The U.S. Environmental Protection Agency recently released a document that addresses a series of 18 industry scenarios and questions related to the agency’s new Chemical Data Reporting (CDR) rule. The scenarios were originally proposed to EPA by Bergeson and Campbell (B&C) in their efforts to represent broad segments of the regulated community. EPA has stated that the goal of their document is to help industry comply with the requirements of the CDR rule, however they stress that it is not a substitute for that rule, nor is it a rule itself. Furthermore, it does not impose legally binding requirements on the regulated community or on EPA.
Despite these wide caveats, the document is useful in understanding the mindset of regulators as they seek to inform on compliance expectations. The document and other EPA CDR compliance information can be found HERE.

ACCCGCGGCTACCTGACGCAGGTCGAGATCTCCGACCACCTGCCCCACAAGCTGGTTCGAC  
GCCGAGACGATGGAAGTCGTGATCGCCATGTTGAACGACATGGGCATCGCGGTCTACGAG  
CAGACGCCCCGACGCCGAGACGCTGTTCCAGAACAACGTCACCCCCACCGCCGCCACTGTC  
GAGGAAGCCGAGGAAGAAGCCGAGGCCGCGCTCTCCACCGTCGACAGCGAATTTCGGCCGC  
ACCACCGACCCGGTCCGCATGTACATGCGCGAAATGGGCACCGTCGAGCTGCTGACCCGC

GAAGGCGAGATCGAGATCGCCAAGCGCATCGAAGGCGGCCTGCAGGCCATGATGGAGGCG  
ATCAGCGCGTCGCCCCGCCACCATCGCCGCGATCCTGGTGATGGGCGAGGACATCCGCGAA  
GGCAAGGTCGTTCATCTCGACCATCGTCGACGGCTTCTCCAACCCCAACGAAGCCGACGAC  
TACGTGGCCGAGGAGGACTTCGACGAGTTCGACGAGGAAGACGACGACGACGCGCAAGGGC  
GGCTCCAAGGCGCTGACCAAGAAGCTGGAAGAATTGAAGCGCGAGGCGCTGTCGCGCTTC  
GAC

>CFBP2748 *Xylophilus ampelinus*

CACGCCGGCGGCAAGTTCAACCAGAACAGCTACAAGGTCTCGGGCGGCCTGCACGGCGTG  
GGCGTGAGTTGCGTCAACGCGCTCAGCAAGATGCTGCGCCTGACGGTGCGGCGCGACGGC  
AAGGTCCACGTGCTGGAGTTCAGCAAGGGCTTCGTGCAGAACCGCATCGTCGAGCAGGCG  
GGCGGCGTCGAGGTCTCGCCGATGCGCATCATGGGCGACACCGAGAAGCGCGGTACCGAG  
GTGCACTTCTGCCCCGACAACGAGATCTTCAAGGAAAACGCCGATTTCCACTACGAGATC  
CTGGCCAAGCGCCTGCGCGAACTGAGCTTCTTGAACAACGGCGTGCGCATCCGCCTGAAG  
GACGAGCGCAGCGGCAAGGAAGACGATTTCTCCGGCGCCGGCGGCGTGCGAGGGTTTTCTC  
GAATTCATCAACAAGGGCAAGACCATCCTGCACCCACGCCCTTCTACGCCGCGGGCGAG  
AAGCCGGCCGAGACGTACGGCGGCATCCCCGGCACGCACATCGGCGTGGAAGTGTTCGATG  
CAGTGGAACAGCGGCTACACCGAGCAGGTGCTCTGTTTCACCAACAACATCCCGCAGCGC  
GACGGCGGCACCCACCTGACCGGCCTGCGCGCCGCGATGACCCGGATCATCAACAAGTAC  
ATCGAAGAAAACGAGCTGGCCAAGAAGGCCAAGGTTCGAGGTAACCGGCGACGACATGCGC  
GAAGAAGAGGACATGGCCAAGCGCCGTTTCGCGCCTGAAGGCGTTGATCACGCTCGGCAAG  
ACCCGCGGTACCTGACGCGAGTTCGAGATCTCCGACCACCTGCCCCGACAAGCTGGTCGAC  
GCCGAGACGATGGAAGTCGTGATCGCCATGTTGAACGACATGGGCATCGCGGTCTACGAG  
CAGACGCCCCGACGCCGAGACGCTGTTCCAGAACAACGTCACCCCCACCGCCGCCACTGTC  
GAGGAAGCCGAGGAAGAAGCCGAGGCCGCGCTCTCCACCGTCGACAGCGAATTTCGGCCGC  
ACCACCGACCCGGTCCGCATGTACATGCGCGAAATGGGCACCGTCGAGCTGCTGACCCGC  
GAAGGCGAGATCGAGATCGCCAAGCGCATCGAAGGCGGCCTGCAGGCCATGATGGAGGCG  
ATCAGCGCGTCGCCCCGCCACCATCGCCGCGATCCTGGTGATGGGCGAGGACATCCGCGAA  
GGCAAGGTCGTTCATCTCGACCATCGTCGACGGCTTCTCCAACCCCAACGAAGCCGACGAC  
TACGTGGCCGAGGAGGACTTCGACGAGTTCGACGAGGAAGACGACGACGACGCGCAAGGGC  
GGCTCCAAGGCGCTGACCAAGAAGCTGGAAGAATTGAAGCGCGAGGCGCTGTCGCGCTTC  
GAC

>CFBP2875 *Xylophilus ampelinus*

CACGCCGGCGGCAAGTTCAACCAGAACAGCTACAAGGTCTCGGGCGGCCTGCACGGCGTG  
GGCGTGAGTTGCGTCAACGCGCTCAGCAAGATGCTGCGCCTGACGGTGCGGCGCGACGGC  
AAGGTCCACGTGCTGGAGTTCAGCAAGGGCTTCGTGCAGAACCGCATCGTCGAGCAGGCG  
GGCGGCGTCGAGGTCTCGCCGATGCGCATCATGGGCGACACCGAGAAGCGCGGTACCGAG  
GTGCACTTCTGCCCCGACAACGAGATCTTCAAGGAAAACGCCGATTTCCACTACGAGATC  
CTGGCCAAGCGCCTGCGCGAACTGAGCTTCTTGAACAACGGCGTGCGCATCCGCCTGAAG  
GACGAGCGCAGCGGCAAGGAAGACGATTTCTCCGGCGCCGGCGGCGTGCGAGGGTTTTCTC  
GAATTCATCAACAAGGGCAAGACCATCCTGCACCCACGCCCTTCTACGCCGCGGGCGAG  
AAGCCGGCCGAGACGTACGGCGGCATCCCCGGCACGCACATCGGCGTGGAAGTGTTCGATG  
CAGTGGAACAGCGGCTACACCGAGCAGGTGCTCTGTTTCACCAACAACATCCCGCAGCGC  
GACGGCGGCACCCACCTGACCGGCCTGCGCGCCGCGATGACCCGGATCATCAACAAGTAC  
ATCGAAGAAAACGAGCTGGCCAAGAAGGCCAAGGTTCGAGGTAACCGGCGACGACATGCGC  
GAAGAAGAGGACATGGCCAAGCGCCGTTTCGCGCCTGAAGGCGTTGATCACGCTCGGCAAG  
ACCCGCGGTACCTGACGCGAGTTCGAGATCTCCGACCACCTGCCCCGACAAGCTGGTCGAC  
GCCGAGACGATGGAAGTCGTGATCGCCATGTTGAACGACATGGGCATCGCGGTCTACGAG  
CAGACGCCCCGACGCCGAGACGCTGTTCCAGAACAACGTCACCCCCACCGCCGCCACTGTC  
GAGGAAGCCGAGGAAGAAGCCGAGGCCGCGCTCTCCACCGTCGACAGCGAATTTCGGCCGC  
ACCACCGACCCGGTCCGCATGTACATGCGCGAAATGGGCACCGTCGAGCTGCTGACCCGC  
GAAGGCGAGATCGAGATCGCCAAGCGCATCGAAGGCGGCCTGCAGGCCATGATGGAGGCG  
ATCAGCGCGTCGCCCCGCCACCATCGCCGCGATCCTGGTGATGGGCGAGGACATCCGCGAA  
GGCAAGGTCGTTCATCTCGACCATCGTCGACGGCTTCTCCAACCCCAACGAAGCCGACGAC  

Last August EPA issued the final Toxic Substances Control Act (TSCA) Chemical Data Reporting (CDR) rule, previously referred to as the Inventory Update Reporting (IUR) Modifications Rule. It expanded the requirements for reporting data on production volume, use, and exposure for many chemicals widely used in commerce, and makes electronic reporting mandatory. Its purpose is to facilitate the collection of quality screening-level, exposure-related information on chemical substances and to make that information available for use by EPA. The new rule seeks to make, to the extent possible (due to data confidentiality claims), this same information available to the public.
Editor PickNew England NASF Chapter Hosts Supplier Night
Event included speakers, supplier table top exhibits, door prizes, scholarship raffle prizes and presentation of 10 scholarships.